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Longspurred Mint

Longspurred Mint

Dicerandra cornutissima

Status Endangered
Listed November 1, 1985
Family Lamiaceae (Mint)
Description Aromatic shrub with linear, untoothed leaves and purplish-rose flowers.
Habitat Sand pine scrub.
Threats Residential development, collection.
Range Florida

Description

Longspurred mint, Dicerandra cornutissima, is a strongly aromatic shrub, growing to 1.6 ft (0.5 m) tall, with erect, non-woody flowering shoots arising from a woody base. The untoothed, opposite leaves are about 0.6 in (1.5 cm) long, and are covered with conspicuous sunken glands. Flowers, which bloom in September and October, are borne in the upper leaf axils. The corolla is 0.3 in (7 mm) long, tubular and lipped. Flower color is purplish-rose with deep purple markings and a whitish throat. The plant gives off a pleasant, minty aroma.

Although Longspurred mint was long confused with scrub mint, the two are readily distinguishable. Longspurred mint has narrower leaves and purple-rose flowers; its style is smooth or only slightly hairy.

Habitat

Longspurred mint grows in sunny open areas in bare sand pine scrub or oak scrub communities often surrounded by pine-turkey oak sandhill vegetation.

Distribution

The species was first collected in 1938 from Sumter County, Florida; it was later located in adjacent Marion County. The Sumter County plants have since been lost.

Longspurred mint is now found in a single area near Ocala in Marion County. Of two existing populations, one occurs in tracts of scrub in the Ocala Waterway residential subdivision, which is largely abandoned. Several thousand plants were noted at this site in the mid-1980s. Nearby, Marion Oaks, a developing residential subdivision, harbors 1,000 plants. Several hundred plants have been surveyed along Interstate Highway 75 and State Road 484.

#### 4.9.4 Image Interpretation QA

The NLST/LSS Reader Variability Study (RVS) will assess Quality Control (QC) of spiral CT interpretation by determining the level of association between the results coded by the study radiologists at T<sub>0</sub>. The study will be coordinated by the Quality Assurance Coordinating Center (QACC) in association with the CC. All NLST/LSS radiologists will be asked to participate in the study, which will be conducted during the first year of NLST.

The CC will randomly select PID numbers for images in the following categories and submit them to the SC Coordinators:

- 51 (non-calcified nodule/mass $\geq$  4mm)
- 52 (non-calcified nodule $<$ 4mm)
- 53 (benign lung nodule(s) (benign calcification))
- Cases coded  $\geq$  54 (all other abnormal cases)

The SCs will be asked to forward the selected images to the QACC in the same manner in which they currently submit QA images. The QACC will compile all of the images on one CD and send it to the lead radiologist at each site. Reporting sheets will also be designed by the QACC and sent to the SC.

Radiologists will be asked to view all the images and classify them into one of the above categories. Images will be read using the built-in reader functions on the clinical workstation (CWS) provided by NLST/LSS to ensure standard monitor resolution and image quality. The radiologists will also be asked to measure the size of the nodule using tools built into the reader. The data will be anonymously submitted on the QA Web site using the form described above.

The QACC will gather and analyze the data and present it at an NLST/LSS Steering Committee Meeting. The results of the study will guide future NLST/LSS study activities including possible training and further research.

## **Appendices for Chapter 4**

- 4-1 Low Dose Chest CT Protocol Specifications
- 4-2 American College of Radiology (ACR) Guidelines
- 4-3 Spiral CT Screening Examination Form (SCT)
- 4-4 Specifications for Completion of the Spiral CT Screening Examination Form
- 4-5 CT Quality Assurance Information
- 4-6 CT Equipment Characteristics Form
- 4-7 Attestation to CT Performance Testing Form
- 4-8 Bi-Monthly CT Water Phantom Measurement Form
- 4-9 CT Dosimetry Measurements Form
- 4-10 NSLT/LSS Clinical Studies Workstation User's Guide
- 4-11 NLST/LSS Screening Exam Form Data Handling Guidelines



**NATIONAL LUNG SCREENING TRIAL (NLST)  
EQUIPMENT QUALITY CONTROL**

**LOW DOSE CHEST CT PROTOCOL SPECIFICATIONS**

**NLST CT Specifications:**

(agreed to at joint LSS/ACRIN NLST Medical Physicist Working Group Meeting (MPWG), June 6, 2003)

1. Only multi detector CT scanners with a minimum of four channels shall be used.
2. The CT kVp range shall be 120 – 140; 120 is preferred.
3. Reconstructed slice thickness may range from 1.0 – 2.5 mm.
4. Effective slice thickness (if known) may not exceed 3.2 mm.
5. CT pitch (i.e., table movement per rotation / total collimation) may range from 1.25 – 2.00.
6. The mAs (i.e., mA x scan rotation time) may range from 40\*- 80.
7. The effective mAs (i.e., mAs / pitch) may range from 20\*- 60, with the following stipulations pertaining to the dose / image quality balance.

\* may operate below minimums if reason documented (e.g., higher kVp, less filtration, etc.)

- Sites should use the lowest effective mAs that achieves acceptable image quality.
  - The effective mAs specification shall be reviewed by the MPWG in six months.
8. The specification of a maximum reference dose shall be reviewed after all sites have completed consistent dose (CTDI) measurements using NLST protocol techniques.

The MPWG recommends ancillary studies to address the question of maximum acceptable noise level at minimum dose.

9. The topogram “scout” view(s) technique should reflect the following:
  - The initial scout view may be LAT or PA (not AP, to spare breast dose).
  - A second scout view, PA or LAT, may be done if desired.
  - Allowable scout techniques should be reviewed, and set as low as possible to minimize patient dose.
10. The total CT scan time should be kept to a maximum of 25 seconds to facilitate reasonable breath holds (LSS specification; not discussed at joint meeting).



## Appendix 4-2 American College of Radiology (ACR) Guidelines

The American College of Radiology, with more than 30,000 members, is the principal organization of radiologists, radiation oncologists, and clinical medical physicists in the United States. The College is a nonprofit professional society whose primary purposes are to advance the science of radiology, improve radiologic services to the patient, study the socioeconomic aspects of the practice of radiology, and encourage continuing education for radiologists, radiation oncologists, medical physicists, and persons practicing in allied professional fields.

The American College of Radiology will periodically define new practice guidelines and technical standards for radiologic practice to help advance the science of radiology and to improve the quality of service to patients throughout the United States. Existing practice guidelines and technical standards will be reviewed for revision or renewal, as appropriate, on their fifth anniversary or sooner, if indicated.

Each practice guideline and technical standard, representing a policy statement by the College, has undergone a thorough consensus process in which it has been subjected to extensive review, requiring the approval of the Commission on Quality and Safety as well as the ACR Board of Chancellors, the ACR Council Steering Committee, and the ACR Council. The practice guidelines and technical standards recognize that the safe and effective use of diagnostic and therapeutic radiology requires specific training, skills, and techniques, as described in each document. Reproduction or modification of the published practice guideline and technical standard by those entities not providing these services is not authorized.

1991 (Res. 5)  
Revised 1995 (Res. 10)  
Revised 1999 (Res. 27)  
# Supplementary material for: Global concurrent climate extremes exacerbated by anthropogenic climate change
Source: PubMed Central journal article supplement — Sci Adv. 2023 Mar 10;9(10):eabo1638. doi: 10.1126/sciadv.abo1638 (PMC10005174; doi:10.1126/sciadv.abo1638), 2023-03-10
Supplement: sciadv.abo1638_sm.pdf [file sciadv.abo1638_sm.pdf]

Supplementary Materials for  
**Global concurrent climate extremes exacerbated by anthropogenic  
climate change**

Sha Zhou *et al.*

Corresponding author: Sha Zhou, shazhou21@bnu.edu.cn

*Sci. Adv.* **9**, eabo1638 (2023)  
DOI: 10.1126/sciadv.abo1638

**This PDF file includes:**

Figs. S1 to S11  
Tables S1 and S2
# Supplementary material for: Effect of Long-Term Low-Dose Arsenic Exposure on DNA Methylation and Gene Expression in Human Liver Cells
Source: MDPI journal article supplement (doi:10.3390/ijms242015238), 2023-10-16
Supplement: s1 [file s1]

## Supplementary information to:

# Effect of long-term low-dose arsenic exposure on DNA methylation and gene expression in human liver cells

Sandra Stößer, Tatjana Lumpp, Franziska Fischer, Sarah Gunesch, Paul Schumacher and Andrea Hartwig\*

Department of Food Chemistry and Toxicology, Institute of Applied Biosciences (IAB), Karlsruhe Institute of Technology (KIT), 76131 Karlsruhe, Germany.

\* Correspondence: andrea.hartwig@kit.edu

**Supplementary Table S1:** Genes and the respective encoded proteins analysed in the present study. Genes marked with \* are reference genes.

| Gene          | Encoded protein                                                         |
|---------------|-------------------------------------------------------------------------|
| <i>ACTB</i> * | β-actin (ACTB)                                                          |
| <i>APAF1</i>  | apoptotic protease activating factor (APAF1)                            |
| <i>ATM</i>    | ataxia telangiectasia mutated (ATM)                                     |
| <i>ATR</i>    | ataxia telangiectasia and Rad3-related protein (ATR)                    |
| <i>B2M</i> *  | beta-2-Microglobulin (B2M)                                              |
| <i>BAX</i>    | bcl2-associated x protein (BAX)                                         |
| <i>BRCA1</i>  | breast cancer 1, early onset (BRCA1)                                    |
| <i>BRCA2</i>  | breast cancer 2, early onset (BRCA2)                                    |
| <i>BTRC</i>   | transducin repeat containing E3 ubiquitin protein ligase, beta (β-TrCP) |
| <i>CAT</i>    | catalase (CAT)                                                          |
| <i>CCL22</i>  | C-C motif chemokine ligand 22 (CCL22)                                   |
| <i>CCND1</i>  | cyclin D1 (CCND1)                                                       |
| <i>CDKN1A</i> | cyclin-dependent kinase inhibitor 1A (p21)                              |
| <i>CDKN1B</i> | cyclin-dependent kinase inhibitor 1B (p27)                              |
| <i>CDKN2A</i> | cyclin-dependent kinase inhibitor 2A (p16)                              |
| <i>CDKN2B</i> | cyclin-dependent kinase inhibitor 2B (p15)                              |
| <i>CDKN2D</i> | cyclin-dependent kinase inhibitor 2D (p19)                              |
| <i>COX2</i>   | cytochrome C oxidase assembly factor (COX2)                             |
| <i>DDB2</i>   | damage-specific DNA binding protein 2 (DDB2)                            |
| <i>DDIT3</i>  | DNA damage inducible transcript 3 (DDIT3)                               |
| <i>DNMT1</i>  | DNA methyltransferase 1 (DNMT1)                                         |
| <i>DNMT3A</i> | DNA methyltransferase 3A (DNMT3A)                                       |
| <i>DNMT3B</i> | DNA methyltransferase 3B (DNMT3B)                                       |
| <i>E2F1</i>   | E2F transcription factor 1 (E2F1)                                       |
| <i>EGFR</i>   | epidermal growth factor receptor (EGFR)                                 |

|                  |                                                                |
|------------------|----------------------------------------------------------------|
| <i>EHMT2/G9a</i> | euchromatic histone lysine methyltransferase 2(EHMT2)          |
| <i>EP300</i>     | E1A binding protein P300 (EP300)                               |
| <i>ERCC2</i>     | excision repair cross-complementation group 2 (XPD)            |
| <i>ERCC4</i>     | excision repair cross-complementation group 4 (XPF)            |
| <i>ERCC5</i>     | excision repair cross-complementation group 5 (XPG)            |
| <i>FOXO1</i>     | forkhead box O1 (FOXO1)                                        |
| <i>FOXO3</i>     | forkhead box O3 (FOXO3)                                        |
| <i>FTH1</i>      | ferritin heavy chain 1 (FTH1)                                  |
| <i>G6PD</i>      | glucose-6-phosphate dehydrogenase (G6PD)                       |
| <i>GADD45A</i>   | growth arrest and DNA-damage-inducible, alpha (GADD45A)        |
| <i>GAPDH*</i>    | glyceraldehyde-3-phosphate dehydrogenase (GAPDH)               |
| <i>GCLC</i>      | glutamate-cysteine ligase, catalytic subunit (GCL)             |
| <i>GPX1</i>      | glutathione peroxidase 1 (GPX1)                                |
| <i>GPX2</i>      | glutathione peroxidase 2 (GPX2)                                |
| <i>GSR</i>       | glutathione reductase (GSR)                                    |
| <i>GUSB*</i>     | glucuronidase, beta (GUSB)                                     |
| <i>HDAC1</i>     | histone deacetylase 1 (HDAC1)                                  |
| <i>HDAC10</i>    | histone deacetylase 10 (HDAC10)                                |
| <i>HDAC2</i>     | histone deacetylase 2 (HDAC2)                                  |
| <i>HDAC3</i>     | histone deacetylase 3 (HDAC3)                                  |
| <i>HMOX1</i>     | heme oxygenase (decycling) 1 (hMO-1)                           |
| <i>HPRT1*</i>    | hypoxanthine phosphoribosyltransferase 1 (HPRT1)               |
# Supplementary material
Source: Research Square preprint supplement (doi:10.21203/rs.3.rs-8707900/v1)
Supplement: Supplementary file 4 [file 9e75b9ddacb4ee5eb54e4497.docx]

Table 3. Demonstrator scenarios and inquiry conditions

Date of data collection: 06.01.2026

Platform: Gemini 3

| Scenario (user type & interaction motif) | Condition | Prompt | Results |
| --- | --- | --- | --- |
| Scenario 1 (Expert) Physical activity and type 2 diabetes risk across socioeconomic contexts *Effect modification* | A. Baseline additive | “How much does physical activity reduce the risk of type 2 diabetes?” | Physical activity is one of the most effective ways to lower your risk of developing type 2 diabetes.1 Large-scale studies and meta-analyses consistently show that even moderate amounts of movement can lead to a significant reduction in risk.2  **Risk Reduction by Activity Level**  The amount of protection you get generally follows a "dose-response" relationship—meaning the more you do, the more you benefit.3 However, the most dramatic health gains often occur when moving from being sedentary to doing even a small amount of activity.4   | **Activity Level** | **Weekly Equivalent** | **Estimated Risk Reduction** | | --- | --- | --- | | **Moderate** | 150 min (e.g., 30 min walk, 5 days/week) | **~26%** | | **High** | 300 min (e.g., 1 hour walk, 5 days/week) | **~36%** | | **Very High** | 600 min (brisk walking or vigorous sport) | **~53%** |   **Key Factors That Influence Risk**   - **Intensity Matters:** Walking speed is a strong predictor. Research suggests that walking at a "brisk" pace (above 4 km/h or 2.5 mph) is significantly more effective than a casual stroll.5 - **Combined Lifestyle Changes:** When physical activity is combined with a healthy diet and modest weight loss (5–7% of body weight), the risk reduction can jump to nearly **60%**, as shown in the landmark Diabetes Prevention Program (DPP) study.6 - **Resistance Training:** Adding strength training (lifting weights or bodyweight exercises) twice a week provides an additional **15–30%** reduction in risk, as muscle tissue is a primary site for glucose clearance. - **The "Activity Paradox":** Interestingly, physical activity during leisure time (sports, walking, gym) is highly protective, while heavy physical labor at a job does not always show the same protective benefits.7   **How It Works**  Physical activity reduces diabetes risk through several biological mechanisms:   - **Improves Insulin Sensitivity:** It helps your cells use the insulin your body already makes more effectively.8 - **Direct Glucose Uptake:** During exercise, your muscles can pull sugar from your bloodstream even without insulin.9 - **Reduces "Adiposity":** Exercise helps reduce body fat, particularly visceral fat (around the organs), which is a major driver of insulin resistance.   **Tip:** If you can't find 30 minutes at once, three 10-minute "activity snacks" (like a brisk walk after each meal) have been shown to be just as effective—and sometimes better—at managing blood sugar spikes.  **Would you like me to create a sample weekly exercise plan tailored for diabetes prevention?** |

Threats

The historic collection sites in Sumter County no longer provide suitable habitat for the plant. In Marion County, some habitat has been developed for housing, and continued development could eliminate the species altogether. Because Longspurred mint is highly visible and strongly aromatic, it can be easily identified by the general public. It grows adjacent to highways and human habitation, and is vulnerable to collectors or vandals.

Conservation and Recovery

Recovery efforts focus on nursery propagation as a way to restore the Longspurred mint to its native habitat along the Sumter Upland. A South Carolina nursery has recently propagated limited numbers of Longspurred mint. Plants are now being cultivated at the Florida Botanical Garden and the National Herb Garden in Washington, D.C.

The Recovery Plan calls for establishing 20 distinct, self-sustaining populations on secure sites. The accomplish this goal, the U. S. Fish and Wildlife Service recommends protecting and managing existing populations; conserving germ plasm for plant propagation; determining ecological and reproductive requirements; and obtaining new suitable habitat sites.

Contact

Regional Office of Endangered Species
U.S. Fish and Wildlife Service
1875 Century Blvd., Suite 200
Atlanta, Georgia 30345
http://southeast.fws.gov/

References

Huck, R. B. 1981. "Dicerandra cornutissima : A New Woody Labiate from Florida." Phytologia 47:313-316.

Kral, R. 1982. "Some Notes on Dicerandra (Lamiaceae)." Sida 9(3):238-262.

U.S. Fish and Wildlife Service. 1985. Determination of Endangered Status for Two Florida Mints." Federal Register 50 (212): 45621-45624.

U. S. Fish and Wildlife Service. 1987. "Recovery Plan for Three Florida Mints." U.S. Fish and Wildlife Service, Atlanta.

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